New plastic surfaces can efficiently cultivate stem cells
According to the BBC on July 17, British scientists have developed a new plastic surface that could better cultivate more adult stem cells. Scientists hope to design better stem cell therapies to regenerate bone and tissue and treat conditions such as arthritis. The latest research is in the journal Nature Materials Science.
The latest "nano-graphic" surfaces, which are covered with tiny pits and pockmarks, are made using the method used to make blu-ray discs. Matthew dolby, a tissue engineer at the university of Glasgow in the UK, who led the research, and Richard o 'reef, head of musculoskeletal research at the university of Southampton, said the surface helped stem cells grow and spread more effectively into useful cells for treatment.
Currently, adult stem cells taken from patients by scientists are grown in the laboratory until enough stem cells are produced to start the process of cell regeneration, and then the stem cells are retransplanted into the patient. However, standard plastic tissue surfaces, which are now widely used, face difficulties in growing more adult stem cells and maintaining their useful properties. The stem cells grown on them do not always produce new stem cells, but other cells that are not useful for treatment. Scientists have had to inject stem cells into a chemical solution to allow them to expand, but this approach is inefficient.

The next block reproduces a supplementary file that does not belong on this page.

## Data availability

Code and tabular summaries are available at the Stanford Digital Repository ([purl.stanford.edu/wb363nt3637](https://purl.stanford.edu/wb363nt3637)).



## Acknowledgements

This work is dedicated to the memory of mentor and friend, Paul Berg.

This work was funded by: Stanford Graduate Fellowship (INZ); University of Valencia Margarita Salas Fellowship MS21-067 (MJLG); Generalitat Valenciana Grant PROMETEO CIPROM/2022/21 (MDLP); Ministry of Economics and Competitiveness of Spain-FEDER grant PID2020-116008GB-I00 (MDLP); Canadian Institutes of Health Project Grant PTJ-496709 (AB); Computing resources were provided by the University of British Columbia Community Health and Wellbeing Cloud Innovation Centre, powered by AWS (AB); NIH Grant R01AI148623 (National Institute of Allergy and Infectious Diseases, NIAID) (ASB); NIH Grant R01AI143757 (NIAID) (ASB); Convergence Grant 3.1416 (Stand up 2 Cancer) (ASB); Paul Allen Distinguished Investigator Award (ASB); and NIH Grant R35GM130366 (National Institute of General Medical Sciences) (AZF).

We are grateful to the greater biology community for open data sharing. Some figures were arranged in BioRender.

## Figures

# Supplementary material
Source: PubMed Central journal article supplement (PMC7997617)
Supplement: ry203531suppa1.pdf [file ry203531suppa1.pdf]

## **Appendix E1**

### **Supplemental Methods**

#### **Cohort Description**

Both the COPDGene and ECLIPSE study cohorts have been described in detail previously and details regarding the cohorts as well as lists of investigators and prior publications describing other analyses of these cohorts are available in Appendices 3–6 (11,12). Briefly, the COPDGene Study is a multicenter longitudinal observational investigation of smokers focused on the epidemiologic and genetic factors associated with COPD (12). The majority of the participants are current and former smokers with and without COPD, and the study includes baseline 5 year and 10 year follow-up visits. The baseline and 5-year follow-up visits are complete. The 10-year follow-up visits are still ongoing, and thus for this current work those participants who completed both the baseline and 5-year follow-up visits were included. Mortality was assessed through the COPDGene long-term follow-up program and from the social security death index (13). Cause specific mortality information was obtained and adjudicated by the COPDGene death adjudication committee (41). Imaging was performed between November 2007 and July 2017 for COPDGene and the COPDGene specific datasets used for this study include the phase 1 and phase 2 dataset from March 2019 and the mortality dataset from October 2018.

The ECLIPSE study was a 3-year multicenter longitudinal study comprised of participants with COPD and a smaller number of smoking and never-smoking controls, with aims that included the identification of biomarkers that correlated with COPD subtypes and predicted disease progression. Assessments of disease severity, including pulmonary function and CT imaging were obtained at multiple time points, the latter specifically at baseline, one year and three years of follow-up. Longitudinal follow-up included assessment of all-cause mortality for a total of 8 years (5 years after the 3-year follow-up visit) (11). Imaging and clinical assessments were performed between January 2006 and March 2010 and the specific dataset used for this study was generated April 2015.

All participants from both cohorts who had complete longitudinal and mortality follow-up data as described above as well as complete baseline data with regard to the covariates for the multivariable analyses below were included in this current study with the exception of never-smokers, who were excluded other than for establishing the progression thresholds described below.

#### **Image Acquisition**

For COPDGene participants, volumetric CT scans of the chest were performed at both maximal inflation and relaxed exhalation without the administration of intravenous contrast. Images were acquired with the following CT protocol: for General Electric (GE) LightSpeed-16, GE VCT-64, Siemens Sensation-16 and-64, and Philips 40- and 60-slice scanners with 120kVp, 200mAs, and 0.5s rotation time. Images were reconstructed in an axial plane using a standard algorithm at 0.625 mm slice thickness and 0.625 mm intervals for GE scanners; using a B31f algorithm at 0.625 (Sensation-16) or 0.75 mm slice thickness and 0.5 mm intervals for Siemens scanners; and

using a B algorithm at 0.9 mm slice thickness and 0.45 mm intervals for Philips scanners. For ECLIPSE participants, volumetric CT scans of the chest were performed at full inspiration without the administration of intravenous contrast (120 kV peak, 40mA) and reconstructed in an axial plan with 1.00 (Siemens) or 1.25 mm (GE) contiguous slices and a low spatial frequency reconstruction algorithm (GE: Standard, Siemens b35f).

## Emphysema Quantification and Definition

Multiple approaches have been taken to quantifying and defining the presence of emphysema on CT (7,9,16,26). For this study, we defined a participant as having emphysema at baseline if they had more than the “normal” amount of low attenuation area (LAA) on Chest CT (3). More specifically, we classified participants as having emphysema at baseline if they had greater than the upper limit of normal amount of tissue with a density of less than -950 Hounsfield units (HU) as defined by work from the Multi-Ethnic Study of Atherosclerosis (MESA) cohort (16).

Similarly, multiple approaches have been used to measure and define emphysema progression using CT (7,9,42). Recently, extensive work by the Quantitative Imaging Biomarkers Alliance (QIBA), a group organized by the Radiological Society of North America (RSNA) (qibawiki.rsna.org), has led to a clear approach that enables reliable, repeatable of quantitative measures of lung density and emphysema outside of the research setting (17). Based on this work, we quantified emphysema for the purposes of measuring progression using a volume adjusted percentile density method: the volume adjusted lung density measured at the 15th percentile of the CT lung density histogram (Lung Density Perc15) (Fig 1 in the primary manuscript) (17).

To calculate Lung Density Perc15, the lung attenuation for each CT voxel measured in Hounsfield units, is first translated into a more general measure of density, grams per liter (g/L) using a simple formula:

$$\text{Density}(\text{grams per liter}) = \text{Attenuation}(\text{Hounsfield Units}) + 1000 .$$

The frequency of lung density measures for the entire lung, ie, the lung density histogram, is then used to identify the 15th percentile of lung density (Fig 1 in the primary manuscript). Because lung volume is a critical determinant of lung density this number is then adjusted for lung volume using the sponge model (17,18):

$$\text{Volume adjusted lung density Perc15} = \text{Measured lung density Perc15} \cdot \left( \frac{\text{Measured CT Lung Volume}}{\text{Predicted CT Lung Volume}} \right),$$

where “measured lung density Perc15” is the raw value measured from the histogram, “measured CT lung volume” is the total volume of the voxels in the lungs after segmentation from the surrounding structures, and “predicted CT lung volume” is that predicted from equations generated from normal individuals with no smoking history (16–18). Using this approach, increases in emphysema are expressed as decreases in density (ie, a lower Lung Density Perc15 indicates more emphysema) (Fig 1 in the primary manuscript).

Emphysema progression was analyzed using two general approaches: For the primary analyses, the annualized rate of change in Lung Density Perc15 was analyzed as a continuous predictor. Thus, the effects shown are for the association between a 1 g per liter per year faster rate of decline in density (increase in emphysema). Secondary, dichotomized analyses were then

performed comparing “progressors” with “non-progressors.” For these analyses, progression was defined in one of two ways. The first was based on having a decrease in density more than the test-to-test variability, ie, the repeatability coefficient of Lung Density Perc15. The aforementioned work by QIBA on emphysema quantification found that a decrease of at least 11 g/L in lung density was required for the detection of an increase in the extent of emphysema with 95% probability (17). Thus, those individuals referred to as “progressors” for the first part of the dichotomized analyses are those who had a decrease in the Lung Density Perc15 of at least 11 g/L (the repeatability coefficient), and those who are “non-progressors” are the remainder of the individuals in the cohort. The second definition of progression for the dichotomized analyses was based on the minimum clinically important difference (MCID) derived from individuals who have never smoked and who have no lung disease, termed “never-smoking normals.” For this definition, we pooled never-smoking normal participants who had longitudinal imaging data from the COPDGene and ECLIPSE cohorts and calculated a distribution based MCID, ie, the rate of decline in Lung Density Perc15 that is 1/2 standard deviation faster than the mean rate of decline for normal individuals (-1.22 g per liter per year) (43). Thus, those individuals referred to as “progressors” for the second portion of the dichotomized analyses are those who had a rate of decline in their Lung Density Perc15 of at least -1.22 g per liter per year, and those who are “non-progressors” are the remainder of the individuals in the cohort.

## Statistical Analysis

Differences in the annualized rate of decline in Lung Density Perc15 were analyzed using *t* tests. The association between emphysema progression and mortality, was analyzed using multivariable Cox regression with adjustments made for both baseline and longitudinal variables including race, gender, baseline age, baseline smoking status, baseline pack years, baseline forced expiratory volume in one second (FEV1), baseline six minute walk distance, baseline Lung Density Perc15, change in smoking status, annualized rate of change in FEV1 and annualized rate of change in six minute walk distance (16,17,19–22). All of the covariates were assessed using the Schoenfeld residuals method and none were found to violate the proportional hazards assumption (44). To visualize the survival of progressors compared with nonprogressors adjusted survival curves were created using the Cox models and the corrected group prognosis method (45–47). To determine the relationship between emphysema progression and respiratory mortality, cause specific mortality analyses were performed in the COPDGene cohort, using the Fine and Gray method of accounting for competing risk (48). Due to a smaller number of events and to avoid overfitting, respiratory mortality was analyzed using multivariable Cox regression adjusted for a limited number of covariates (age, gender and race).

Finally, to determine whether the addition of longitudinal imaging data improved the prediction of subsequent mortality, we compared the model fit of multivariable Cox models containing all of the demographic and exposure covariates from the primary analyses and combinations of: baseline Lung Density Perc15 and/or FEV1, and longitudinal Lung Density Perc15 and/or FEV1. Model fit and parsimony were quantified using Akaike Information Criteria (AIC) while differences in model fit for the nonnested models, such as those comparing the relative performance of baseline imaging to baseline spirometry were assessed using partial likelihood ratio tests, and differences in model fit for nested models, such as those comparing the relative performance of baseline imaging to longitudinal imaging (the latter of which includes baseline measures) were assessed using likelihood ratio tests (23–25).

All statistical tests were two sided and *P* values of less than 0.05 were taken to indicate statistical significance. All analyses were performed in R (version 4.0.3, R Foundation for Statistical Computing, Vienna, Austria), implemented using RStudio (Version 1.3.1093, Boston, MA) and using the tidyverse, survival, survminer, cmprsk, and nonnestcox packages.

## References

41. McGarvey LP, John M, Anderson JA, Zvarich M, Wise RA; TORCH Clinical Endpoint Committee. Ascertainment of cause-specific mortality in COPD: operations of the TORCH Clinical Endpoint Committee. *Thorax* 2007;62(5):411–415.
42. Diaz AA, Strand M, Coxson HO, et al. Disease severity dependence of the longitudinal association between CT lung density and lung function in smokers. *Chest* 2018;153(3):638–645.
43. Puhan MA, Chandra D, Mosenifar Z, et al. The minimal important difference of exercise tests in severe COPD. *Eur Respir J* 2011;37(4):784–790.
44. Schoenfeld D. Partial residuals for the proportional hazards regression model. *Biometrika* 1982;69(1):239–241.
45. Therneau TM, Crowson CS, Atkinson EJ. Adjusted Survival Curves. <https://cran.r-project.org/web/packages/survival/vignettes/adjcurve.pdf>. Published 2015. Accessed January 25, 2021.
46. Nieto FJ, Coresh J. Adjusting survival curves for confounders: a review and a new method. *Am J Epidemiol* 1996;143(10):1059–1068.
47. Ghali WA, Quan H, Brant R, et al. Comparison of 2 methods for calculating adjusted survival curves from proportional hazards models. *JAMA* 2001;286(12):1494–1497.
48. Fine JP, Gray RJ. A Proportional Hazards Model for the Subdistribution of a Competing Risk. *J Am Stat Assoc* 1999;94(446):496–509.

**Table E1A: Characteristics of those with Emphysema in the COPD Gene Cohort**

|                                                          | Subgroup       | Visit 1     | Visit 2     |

"The new nanostructured surfaces can be used to efficiently grow mesenchymal stem cells derived from tissues and organs such as bone marrow," dolby said.
The team is working on how to make the new plastic surface on a large scale. They are also using the same method to grow other types of stem cells, which, if successful, could lead to large-scale stem-cell factories that would allow scientists to treat conditions such as diabetes, arthritis, alzheimer's and Parkinson's more effectively, dolby said.
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